Focus group discussions were conducted with the trustees in Amabomvini, and CPA committee members in Cata respectively, in order to harness beneficiaries’ perceptions of the FBLR models (Wong, 2008). In each community, the focus group discussions were carried out with six participants (Onwuegbuzie and Collins, 2007), with their selection considered due to their in-depth knowledge and understanding on the day-to-day operations of the partnership. The questions posed for the discussion during the focus group ranged from 1) whether participants believed benefit- sharing mechanisms existed or not owing to the FBLR partnership model implemented in their community, and 2) what obstacles affected benefits-sharing mechanisms in their community?
Beneficiaries, consisting of household heads in each community (Chirwa et al., 2015), were interviewed using a generic structured questionnaire (Sjetne et al., 2011). The questions explored the type of socioeconomic benefits that household beneficiaries in both communities received due to the FBLR partnership model adopted. The questionnaire was fourteen pages long with 43 individual questions. For maintenance of originality and understanding, as well as ease of administration (Boynton, 2004), the questionnaire was translated into both isiZulu for the Amabomvini community and isiXhosa for the Cata community. In line with Nyariki (2009), the local enumerators were used for the administration of the questionnaire as well as for easy identification of households randomly selected. A five point Likert scale was used for most questions in this study. A pre-test of the questionnaire was carried out in the Ama-Hlongwa community in Kwa-Zulu Natal to ensure that the data collection process covered the scope intended for this study (Collins, 2003; Mathers et al., 2007; Nyariki, 2009).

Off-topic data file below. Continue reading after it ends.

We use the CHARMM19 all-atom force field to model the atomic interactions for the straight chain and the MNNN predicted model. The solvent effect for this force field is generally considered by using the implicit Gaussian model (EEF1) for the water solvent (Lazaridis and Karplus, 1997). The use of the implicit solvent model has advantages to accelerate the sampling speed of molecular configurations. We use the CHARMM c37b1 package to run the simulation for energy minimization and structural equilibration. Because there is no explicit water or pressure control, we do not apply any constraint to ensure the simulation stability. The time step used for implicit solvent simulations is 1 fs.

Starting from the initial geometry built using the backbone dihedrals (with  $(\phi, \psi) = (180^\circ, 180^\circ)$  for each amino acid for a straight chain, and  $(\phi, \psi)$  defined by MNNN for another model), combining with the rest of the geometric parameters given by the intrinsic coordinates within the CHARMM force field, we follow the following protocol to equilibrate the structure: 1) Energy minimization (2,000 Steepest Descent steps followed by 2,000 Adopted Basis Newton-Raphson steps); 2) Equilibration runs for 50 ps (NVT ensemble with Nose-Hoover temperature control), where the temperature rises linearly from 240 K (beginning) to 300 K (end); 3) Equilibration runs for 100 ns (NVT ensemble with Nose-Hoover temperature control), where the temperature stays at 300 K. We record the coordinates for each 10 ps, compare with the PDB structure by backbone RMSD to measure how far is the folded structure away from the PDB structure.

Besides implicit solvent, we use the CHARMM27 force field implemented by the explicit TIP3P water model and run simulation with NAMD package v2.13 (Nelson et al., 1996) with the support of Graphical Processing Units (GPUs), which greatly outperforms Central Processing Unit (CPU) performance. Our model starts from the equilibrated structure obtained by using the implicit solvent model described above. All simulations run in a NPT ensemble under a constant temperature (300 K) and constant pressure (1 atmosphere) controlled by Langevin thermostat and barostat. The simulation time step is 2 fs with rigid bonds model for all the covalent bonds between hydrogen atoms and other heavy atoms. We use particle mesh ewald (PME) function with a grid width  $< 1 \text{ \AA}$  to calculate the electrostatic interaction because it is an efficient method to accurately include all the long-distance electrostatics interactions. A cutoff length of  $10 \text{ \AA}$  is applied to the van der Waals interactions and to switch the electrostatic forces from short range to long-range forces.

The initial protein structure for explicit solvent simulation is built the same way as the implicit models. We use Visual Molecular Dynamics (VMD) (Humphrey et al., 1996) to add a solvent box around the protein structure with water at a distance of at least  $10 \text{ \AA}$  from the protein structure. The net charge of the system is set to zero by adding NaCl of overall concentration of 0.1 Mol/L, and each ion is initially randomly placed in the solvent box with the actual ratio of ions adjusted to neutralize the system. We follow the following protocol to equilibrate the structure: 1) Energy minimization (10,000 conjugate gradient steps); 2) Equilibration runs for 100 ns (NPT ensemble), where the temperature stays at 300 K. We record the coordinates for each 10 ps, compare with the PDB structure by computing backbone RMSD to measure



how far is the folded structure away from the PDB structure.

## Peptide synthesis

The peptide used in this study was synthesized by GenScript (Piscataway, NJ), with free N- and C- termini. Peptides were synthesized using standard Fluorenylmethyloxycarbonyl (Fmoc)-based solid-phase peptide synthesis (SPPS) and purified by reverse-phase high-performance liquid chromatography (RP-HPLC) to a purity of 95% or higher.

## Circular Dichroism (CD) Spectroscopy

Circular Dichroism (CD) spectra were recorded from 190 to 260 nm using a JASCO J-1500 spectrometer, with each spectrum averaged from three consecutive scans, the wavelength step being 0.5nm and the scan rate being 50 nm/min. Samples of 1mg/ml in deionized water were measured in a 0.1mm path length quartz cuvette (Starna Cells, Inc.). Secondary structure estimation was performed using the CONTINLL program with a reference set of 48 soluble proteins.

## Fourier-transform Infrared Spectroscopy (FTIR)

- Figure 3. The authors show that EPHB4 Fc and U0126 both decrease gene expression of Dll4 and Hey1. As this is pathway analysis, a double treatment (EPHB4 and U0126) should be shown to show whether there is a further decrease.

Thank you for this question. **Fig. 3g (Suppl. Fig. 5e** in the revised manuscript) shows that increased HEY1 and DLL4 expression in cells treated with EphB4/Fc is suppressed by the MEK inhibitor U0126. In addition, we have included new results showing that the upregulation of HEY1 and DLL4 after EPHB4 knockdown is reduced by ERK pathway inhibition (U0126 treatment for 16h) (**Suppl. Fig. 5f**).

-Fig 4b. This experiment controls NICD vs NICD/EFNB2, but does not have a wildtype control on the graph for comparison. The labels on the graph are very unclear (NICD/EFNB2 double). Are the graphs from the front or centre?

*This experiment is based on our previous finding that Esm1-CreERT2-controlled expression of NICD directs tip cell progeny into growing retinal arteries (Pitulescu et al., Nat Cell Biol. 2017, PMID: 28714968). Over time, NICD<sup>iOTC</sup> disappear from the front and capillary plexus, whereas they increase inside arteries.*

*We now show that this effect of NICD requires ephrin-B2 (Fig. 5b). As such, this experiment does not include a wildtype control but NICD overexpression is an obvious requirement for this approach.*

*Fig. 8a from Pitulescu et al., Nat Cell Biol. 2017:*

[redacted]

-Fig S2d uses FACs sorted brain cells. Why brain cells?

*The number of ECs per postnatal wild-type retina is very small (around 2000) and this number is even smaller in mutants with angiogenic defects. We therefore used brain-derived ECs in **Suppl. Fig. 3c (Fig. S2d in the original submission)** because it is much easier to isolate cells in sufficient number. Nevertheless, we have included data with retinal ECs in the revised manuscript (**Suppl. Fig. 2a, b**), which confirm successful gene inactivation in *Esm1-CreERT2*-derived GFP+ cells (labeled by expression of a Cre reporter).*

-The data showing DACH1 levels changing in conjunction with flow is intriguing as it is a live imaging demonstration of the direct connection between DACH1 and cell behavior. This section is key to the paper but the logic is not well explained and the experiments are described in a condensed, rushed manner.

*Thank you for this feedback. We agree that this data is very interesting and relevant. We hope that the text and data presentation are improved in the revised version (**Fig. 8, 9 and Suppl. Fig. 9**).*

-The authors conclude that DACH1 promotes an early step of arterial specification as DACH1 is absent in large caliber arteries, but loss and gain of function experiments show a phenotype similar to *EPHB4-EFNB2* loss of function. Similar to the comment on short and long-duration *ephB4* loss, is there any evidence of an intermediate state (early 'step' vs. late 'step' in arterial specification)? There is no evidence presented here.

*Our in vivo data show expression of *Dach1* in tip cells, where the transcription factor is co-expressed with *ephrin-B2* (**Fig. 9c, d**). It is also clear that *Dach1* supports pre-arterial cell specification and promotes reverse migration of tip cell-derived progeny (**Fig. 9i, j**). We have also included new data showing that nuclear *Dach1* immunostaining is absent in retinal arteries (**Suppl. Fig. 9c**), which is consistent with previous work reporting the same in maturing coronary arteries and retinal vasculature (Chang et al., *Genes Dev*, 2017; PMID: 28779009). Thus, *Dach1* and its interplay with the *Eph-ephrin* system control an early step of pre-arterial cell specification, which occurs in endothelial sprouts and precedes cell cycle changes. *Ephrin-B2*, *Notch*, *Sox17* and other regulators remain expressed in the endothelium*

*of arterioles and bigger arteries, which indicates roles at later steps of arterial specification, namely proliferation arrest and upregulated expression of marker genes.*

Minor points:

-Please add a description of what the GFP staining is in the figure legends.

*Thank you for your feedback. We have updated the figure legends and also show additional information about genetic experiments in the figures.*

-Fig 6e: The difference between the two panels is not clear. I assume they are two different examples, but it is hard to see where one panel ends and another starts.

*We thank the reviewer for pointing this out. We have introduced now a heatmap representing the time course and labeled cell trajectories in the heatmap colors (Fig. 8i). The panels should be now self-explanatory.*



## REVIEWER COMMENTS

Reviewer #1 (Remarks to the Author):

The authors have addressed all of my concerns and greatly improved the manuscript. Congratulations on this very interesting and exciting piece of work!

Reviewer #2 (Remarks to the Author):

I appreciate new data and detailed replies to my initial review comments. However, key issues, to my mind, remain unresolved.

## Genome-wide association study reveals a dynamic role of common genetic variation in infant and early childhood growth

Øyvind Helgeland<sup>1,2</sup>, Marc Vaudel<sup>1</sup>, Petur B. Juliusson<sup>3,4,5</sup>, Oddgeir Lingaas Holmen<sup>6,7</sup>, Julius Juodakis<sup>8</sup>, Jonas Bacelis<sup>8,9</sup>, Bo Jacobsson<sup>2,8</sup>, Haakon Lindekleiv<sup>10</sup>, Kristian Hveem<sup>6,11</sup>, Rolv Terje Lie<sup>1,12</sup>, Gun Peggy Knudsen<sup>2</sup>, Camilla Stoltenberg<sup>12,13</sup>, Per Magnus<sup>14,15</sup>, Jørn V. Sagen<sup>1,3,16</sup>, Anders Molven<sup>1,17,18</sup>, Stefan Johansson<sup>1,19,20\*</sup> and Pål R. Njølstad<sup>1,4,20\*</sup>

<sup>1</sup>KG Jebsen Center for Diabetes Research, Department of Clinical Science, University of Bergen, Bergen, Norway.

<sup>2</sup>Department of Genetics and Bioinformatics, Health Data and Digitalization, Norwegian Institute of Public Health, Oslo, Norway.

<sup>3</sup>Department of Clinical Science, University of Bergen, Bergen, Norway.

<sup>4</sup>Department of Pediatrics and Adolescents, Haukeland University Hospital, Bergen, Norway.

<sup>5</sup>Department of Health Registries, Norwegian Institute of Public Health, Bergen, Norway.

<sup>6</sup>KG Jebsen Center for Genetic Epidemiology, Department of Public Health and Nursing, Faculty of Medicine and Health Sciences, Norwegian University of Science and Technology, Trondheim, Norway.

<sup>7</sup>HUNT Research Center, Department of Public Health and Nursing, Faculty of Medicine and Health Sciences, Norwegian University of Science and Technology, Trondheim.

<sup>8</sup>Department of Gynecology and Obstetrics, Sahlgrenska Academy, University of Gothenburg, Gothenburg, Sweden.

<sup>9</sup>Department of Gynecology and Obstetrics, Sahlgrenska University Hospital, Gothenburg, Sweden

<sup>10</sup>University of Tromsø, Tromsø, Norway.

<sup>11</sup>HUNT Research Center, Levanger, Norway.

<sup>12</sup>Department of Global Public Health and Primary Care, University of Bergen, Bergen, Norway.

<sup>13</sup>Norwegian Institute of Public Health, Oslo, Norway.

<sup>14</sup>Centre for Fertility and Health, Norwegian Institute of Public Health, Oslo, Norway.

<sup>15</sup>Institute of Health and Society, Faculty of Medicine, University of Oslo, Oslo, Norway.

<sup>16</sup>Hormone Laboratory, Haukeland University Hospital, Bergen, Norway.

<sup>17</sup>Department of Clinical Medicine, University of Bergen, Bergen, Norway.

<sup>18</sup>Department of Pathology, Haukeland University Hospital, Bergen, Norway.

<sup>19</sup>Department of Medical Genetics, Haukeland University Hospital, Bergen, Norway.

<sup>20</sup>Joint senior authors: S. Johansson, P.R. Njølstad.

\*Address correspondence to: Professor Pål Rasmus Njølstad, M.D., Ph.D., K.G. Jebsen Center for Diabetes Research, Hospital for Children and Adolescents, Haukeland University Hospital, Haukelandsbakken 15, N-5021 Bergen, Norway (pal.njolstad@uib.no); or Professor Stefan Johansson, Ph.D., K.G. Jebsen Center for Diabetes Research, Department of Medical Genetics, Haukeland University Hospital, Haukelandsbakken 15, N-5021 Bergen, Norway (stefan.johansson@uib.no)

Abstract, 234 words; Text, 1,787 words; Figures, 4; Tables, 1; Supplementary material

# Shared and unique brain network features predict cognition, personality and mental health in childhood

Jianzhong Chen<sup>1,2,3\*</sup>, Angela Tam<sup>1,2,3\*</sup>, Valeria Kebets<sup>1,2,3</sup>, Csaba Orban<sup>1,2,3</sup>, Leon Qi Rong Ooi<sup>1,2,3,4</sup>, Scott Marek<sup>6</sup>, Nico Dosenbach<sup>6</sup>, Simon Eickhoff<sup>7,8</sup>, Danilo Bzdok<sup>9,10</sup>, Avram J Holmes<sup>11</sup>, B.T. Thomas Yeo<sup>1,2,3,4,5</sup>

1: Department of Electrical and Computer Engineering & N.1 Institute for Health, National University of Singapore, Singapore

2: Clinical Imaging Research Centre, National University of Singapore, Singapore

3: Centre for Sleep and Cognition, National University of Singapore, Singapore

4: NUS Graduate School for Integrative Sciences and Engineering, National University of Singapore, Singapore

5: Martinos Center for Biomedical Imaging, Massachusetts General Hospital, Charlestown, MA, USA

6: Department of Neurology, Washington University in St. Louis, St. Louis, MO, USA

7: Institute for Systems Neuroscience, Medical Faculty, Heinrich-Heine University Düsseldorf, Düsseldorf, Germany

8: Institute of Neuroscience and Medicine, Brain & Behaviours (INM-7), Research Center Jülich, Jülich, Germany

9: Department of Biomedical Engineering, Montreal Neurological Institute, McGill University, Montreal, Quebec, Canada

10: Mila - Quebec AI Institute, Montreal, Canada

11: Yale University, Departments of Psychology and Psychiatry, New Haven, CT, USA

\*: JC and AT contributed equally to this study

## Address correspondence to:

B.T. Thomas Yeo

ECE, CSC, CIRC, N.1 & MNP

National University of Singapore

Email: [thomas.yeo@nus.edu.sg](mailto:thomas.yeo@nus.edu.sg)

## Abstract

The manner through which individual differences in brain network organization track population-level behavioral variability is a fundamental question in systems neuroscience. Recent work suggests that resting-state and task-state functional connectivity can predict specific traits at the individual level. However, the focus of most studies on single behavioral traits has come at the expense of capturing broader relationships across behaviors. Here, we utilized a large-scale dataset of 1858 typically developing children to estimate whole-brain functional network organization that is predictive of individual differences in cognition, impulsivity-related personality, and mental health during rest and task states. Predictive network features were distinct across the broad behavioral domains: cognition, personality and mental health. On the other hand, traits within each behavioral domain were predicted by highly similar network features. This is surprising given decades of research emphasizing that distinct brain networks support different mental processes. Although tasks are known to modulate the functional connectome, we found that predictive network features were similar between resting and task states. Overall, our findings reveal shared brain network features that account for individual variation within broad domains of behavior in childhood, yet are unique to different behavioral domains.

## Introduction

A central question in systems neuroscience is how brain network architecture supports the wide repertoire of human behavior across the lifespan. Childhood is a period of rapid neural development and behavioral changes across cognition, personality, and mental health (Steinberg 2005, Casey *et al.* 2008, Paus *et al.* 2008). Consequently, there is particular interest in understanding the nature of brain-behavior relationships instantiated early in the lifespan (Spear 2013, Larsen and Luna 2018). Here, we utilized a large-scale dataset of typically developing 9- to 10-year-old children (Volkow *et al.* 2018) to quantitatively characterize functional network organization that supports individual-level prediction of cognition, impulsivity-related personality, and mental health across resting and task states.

The primary data obtained through the questionnaires were coded and analysed using the IBM Statistical Package of Social Science (SPSS) for windows, version 20.0 software package. The results were analysed using both descriptive statistics and inferential analysis. The descriptive statistics included frequencies and percentages, while inferential analysis used the chi-square test of independence (Anon, 2012) to test if there was a significant relationship between perceptions of the beneficiaries in Amabomvini and Cata households regarding benefit-sharing criteria in their implemented FBLR model.
LIST OF TABLES
LIST OF FIGURES
LIST OF ACRONYMS
CHAPTER 1: INTRODUCTION
1.1. BACKGROUND OF THE STUDY
1.2. PROBLEM STATEMENT AND JUSTIFICATION
1.3. OBJECTIVES OF THE STUDY
1.4. CONCEPTUAL FRAMEWORK